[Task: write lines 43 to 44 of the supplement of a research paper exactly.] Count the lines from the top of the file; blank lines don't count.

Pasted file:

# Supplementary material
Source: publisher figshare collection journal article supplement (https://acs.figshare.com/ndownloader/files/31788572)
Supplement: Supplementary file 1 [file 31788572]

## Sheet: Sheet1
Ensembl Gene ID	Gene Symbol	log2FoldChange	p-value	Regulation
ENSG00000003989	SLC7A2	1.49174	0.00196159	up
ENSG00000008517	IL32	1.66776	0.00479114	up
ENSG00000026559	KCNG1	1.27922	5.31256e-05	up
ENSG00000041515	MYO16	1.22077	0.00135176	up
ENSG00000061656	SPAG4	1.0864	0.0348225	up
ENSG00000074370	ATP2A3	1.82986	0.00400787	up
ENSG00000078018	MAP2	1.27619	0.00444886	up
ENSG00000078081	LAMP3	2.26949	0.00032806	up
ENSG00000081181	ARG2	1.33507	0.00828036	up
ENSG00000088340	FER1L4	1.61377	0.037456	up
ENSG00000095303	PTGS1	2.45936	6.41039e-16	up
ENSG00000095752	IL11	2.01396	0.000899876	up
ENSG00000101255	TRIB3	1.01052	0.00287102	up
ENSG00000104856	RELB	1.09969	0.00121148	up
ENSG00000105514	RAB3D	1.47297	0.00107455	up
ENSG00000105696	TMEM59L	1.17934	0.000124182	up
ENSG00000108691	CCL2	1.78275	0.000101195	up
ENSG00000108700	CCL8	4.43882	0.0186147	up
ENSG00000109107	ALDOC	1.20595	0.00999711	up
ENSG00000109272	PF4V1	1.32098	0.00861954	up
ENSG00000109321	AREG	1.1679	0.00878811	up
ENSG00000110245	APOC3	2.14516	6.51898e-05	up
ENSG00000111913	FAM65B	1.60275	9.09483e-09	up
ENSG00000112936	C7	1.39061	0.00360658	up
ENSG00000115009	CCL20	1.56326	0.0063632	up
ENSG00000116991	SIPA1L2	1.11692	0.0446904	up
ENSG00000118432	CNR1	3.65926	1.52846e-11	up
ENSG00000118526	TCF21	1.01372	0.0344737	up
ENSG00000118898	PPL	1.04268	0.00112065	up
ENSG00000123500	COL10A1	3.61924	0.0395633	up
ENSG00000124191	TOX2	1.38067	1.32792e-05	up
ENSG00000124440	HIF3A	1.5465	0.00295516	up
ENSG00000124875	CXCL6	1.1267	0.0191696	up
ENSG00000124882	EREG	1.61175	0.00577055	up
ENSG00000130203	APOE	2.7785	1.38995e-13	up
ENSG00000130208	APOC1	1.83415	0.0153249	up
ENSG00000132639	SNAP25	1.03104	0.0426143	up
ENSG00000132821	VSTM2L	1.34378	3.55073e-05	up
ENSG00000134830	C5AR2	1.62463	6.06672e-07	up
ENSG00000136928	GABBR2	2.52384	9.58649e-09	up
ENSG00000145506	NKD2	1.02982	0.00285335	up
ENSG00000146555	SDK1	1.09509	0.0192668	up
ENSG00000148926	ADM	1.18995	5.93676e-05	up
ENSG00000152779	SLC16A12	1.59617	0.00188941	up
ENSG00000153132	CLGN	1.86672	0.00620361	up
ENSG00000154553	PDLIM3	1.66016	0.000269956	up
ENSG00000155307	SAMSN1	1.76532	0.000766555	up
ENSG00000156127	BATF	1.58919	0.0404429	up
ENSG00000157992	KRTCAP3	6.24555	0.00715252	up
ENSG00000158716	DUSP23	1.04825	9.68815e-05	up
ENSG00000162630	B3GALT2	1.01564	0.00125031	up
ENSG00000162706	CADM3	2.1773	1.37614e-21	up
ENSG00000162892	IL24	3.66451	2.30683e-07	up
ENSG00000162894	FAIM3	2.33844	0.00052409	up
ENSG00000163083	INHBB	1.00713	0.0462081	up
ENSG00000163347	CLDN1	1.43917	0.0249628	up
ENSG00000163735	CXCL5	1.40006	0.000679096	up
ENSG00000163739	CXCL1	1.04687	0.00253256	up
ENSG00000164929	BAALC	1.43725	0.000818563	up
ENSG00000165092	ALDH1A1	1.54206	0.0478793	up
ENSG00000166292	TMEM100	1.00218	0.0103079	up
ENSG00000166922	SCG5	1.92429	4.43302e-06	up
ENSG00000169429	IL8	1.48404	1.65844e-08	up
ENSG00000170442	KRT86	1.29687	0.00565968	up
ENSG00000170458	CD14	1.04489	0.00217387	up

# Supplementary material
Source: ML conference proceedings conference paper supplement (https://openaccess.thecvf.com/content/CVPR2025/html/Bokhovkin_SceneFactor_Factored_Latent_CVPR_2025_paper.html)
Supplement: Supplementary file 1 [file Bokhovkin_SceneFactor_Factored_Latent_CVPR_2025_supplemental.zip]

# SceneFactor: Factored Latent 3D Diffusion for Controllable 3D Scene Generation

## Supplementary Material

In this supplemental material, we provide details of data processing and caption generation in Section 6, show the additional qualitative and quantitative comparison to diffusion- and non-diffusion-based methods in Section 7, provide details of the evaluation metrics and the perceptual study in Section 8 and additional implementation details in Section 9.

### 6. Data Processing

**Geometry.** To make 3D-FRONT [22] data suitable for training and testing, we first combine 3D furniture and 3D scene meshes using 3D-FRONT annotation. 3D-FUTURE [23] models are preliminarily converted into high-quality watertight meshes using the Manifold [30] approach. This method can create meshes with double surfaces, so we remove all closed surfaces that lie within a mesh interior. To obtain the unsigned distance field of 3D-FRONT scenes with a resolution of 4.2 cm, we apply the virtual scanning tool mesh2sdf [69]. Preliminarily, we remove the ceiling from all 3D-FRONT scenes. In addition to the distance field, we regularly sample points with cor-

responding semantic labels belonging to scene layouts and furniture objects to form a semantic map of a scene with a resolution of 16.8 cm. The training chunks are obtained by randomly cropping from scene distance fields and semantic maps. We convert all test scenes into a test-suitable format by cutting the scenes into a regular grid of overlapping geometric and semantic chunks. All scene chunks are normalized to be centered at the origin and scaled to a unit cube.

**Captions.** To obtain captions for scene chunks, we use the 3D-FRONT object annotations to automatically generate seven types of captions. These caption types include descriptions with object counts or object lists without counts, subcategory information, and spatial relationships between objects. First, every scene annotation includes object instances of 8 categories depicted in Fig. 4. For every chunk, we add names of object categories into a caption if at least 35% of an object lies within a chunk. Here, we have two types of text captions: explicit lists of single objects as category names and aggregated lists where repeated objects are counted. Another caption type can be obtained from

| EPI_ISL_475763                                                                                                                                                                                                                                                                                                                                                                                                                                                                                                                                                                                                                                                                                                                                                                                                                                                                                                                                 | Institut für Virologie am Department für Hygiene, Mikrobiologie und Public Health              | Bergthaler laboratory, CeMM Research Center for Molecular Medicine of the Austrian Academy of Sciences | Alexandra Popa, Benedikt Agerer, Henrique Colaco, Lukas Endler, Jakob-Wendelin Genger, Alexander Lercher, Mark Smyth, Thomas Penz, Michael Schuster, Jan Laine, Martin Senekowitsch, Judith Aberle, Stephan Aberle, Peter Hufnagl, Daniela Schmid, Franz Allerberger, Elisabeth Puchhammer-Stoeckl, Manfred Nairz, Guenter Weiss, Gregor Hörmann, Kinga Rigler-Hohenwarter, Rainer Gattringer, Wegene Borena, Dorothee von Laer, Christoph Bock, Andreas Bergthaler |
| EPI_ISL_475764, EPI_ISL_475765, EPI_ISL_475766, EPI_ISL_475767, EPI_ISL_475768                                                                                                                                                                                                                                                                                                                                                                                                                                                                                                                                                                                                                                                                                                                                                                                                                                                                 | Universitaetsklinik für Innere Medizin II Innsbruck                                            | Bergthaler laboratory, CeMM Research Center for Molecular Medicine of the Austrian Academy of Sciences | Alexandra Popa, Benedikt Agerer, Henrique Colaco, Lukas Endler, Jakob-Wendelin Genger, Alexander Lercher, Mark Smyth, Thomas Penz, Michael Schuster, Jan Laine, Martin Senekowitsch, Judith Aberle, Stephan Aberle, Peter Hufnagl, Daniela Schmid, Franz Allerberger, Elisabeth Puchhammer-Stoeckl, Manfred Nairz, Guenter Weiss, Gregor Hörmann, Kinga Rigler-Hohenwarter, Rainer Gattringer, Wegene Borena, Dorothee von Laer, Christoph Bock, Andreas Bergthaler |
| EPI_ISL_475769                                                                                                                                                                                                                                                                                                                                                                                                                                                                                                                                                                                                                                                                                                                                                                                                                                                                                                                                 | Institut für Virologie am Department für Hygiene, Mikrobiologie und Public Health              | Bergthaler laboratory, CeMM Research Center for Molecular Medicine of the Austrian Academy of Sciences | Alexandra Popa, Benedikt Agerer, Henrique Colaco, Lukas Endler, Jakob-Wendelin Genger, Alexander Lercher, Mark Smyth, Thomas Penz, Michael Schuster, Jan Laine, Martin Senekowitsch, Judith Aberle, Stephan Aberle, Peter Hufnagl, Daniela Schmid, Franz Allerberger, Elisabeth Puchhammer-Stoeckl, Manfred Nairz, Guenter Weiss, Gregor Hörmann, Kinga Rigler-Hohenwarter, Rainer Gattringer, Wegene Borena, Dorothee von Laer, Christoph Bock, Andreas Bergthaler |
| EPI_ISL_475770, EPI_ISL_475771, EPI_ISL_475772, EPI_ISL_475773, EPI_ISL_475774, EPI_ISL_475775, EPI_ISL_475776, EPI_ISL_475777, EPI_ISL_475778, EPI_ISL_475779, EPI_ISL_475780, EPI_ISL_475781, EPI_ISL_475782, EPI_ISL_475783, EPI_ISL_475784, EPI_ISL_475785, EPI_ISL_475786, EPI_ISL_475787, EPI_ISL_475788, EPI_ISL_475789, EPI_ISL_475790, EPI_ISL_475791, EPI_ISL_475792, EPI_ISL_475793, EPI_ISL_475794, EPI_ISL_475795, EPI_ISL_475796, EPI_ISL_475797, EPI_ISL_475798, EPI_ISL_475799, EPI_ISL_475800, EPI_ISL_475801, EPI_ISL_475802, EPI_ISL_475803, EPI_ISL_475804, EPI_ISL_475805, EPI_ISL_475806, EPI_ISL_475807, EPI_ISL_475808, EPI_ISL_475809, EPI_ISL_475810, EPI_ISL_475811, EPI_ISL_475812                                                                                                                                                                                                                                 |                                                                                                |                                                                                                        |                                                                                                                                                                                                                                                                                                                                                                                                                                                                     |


ENSG00000132821	VSTM2L	1.34378	3.55073e-05	up
ENSG00000134830	C5AR2	1.62463	6.06672e-07	up